About 231,840 American women will be diagnosed with invasive breast cancer in 2015. About 80% of those cases are diagnosed as invasive ductal carcinoma, which starts in the milk ducts of the breast. Just over 60,000 cases of ductal carcinoma in situ (CIS), a non-invasive, highly curable, and early form of breast cancer, will be diagnosed.
There are two types of ductal carcinoma:
Ductal carcinoma in situ, which is also referred to as intraductal carcinoma
One out of every five new breast cancer diagnoses each year is ductal carcinoma in situ (DCIS). This is an uncontrolled growth of cells within the milk ducts. The phrase "in situ" means "in its original place." This cancer is noninvasive and has not yet made it to breast tissue outside of the ducts.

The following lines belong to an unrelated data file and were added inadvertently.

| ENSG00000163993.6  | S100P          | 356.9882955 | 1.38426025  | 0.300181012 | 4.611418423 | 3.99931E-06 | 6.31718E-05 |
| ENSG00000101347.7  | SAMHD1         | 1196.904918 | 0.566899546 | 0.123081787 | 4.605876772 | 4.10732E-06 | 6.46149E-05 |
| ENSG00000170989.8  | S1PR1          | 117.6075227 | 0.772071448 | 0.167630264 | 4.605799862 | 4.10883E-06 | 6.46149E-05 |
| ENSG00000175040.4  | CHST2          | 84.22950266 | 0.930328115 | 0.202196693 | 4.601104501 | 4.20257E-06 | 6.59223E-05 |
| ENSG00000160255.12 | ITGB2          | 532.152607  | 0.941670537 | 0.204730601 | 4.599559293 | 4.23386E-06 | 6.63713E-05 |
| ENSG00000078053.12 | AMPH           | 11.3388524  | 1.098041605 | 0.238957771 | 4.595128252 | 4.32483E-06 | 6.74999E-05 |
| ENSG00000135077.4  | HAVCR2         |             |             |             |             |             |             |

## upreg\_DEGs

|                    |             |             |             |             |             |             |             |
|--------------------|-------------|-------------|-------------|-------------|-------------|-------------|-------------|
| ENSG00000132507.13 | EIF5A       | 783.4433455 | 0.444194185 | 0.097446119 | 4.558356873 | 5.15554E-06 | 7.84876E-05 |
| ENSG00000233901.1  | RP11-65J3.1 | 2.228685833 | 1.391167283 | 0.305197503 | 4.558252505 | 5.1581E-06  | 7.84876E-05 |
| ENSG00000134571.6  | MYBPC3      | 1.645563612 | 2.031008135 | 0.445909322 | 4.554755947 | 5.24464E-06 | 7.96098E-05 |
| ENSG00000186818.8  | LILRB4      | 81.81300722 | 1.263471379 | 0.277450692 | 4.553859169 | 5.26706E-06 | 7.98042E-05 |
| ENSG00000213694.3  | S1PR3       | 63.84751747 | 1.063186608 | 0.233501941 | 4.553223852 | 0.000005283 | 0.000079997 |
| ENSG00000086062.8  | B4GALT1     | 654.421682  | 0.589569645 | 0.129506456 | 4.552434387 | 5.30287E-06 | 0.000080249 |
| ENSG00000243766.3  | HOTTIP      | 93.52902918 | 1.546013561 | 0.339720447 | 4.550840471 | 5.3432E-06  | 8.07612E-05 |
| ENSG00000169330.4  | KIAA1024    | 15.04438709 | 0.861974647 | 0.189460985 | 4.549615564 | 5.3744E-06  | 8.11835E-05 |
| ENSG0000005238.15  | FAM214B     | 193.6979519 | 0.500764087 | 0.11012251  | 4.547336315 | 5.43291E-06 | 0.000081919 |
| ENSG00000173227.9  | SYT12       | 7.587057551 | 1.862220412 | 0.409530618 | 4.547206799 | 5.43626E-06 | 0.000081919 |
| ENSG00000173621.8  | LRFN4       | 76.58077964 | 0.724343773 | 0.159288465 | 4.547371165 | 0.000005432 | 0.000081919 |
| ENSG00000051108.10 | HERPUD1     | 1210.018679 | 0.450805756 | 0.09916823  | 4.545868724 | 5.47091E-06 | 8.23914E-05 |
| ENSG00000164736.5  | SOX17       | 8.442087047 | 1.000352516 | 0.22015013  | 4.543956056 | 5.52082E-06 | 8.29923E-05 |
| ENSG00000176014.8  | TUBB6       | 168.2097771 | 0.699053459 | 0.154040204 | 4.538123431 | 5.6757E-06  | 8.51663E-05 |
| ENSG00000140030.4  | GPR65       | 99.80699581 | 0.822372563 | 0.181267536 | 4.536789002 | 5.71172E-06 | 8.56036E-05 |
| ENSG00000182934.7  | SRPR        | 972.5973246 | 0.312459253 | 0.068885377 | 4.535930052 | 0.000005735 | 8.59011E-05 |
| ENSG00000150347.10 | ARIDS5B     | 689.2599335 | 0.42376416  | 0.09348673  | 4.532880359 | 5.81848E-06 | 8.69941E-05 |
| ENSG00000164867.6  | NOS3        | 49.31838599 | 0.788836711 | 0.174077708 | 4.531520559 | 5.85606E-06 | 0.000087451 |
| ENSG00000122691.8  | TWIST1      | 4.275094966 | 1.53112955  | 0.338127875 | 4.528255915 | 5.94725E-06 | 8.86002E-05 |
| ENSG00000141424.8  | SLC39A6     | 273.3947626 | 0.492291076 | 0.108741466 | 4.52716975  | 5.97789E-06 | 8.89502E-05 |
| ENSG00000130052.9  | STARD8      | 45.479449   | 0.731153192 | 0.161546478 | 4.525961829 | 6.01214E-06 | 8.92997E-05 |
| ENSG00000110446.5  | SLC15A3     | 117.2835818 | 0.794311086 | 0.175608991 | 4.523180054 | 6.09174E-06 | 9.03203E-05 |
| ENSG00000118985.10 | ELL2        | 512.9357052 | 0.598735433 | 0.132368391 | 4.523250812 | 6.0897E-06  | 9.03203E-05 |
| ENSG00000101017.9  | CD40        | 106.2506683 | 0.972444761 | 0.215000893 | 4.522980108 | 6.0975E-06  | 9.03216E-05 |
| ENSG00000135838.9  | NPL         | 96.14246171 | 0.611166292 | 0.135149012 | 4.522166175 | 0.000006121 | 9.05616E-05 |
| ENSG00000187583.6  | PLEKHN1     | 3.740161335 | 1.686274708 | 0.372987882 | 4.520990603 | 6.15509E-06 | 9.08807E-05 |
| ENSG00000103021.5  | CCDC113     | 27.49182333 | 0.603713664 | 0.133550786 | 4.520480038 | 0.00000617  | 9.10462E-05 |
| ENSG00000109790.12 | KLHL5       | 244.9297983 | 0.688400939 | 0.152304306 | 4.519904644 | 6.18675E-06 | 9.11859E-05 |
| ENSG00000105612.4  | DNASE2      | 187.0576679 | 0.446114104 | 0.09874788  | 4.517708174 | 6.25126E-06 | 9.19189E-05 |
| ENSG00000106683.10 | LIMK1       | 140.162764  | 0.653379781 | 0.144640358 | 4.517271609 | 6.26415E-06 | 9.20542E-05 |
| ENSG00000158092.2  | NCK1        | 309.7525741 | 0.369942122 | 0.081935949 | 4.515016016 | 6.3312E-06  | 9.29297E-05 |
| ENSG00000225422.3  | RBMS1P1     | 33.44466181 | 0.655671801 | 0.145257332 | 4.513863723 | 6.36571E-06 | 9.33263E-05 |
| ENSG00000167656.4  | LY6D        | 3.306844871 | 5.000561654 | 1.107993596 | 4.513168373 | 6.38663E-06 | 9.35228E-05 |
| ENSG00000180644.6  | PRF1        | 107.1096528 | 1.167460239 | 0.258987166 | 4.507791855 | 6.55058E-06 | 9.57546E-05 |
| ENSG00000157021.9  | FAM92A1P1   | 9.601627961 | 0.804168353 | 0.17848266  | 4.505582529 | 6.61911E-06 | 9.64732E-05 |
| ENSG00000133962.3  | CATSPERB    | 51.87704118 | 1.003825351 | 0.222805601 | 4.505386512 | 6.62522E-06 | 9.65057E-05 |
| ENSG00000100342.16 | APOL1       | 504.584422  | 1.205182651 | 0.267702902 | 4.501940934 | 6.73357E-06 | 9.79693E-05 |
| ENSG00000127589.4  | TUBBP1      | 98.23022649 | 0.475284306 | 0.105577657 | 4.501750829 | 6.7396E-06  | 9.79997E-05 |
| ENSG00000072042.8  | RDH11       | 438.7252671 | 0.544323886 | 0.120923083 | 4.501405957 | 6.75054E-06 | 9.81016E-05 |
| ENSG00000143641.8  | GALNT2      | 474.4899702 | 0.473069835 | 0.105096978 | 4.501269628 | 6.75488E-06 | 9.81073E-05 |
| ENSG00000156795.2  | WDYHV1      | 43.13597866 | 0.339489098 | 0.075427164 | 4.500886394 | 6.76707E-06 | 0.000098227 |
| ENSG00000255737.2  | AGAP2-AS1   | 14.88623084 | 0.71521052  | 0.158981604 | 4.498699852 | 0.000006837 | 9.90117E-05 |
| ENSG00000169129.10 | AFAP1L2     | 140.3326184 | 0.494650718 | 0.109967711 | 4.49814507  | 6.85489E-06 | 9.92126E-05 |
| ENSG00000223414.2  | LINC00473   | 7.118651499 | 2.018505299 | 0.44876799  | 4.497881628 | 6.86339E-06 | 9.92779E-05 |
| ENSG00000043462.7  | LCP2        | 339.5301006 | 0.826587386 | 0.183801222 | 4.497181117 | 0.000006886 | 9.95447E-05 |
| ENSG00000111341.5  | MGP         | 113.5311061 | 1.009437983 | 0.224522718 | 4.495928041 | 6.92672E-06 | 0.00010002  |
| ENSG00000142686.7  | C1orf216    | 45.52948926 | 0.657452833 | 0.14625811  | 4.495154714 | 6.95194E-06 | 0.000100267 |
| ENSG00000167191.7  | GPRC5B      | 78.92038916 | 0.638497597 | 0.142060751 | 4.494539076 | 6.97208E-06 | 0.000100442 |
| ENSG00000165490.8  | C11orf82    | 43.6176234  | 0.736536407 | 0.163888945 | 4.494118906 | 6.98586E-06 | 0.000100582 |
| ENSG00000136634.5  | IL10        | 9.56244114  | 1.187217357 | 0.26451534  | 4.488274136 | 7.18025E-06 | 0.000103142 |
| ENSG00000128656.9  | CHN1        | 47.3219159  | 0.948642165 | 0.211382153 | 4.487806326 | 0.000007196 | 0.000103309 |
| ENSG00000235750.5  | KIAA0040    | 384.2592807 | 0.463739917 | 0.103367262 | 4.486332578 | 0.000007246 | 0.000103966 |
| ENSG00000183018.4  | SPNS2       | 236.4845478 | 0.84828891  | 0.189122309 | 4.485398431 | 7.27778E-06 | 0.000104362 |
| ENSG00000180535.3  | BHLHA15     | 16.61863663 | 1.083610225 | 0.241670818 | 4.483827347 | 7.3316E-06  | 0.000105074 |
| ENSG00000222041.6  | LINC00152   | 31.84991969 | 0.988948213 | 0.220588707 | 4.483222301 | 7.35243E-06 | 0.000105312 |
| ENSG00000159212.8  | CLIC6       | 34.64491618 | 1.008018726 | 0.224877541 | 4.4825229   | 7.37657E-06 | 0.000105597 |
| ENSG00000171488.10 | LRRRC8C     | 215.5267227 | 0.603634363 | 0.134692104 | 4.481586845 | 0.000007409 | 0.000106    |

Ductal carcinoma in situ is the earliest stage at which breast cancer can be diagnosed. It's known as Stage 0 breast cancer. The prognosis for women diagnosed with this form of breast cancer is excellent. The vast majority of women diagnosed with ductal carcinoma in situ are cured.
Even though ductal carcinoma in situ is noninvasive, it is imperative that women with the disease receive medical treatment because it can be a precursor of invasive cancer. Experts believe that 25% to 50% of women with DCIS will later develop an invasive breast cancer within 10 years of the DCIS diagnosis. The invasive cancer usually develops in the same breast and in the same quadrant of the breast that the DCIS first occurred.
How is ductal carcinoma in situ diagnosed?
Ductal carcinoma in situ does not usually cause the formation of a lump in the breast that can be felt upon examination. Signs and symptoms of DCIS include breast pain and/or a bloody discharge from the nipple. About 80% of cases are found by mammograms. Mammograms detect tiny bits of calcium that develop in dead cancer cells. As more and more cancer cells age and die, these calcifications grow. On the mammogram, they appear as a shadowy area.